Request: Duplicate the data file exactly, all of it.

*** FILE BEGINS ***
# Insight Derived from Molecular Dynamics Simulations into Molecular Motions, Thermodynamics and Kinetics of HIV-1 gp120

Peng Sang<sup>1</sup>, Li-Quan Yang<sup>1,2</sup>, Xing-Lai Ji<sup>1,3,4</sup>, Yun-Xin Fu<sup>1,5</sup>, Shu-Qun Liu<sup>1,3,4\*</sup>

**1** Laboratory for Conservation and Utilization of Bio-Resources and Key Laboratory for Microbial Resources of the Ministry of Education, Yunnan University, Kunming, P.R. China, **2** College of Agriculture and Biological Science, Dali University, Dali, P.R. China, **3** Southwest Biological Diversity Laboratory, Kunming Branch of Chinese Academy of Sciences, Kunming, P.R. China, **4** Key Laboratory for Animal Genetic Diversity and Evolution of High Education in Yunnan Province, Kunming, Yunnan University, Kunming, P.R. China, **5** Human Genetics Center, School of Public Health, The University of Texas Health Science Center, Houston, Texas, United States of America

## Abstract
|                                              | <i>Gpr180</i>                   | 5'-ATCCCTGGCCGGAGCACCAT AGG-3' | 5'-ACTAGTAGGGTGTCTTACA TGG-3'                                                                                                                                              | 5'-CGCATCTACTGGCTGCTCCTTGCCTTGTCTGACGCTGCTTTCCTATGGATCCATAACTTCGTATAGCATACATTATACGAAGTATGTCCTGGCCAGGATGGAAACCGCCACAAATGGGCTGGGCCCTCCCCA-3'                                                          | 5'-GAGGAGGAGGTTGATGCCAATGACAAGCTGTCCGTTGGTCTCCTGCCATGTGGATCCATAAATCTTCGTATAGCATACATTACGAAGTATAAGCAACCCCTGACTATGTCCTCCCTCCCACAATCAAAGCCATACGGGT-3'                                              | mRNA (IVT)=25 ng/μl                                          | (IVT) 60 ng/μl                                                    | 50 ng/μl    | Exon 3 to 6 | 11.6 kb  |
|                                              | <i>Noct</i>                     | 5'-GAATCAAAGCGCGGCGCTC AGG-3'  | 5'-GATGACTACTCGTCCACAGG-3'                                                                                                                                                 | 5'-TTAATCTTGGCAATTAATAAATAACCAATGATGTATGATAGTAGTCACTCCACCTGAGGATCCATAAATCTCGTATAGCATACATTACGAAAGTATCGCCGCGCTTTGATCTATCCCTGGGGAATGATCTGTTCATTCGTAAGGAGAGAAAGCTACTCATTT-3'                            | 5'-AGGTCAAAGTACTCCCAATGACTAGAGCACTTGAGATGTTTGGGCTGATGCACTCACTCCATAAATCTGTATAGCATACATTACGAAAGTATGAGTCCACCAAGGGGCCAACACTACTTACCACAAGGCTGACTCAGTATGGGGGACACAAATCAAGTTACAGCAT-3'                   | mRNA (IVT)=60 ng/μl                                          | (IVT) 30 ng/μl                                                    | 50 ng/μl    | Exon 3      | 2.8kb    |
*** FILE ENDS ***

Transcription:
# Insight Derived from Molecular Dynamics Simulations into Molecular Motions, Thermodynamics and Kinetics of HIV-1 gp120

Peng Sang<sup>1</sup>, Li-Quan Yang<sup>1,2</sup>, Xing-Lai Ji<sup>1,3,4</sup>, Yun-Xin Fu<sup>1,5</sup>, Shu-Qun Liu<sup>1,3,4\*</sup>

**1** Laboratory for Conservation and Utilization of Bio-Resources and Key Laboratory for Microbial Resources of the Ministry of Education, Yunnan University, Kunming, P.R. China, **2** College of Agriculture and Biological Science, Dali University, Dali, P.R. China, **3** Southwest Biological Diversity Laboratory, Kunming Branch of Chinese Academy of Sciences, Kunming, P.R. China, **4** Key Laboratory for Animal Genetic Diversity and Evolution of High Education in Yunnan Province, Kunming, Yunnan University, Kunming, P.R. China, **5** Human Genetics Center, School of Public Health, The University of Texas Health Science Center, Houston, Texas, United States of America

## Abstract
|                                              | <i>Gpr180</i>                   | 5'-ATCCCTGGCCGGAGCACCAT AGG-3' | 5'-ACTAGTAGGGTGTCTTACA TGG-3'                                                                                                                                              | 5'-CGCATCTACTGGCTGCTCCTTGCCTTGTCTGACGCTGCTTTCCTATGGATCCATAACTTCGTATAGCATACATTATACGAAGTATGTCCTGGCCAGGATGGAAACCGCCACAAATGGGCTGGGCCCTCCCCA-3'                                                          | 5'-GAGGAGGAGGTTGATGCCAATGACAAGCTGTCCGTTGGTCTCCTGCCATGTGGATCCATAAATCTTCGTATAGCATACATTACGAAGTATAAGCAACCCCTGACTATGTCCTCCCTCCCACAATCAAAGCCATACGGGT-3'                                              | mRNA (IVT)=25 ng/μl                                          | (IVT) 60 ng/μl                                                    | 50 ng/μl    | Exon 3 to 6 | 11.6 kb  |
|                                              | <i>Noct</i>                     | 5'-GAATCAAAGCGCGGCGCTC AGG-3'  | 5'-GATGACTACTCGTCCACAGG-3'                                                                                                                                                 | 5'-TTAATCTTGGCAATTAATAAATAACCAATGATGTATGATAGTAGTCACTCCACCTGAGGATCCATAAATCTCGTATAGCATACATTACGAAAGTATCGCCGCGCTTTGATCTATCCCTGGGGAATGATCTGTTCATTCGTAAGGAGAGAAAGCTACTCATTT-3'                            | 5'-AGGTCAAAGTACTCCCAATGACTAGAGCACTTGAGATGTTTGGGCTGATGCACTCACTCCATAAATCTGTATAGCATACATTACGAAAGTATGAGTCCACCAAGGGGCCAACACTACTTACCACAAGGCTGACTCAGTATGGGGGACACAAATCAAGTTACAGCAT-3'                   | mRNA (IVT)=60 ng/μl                                          | (IVT) 30 ng/μl                                                    | 50 ng/μl    | Exon 3      | 2.8kb    |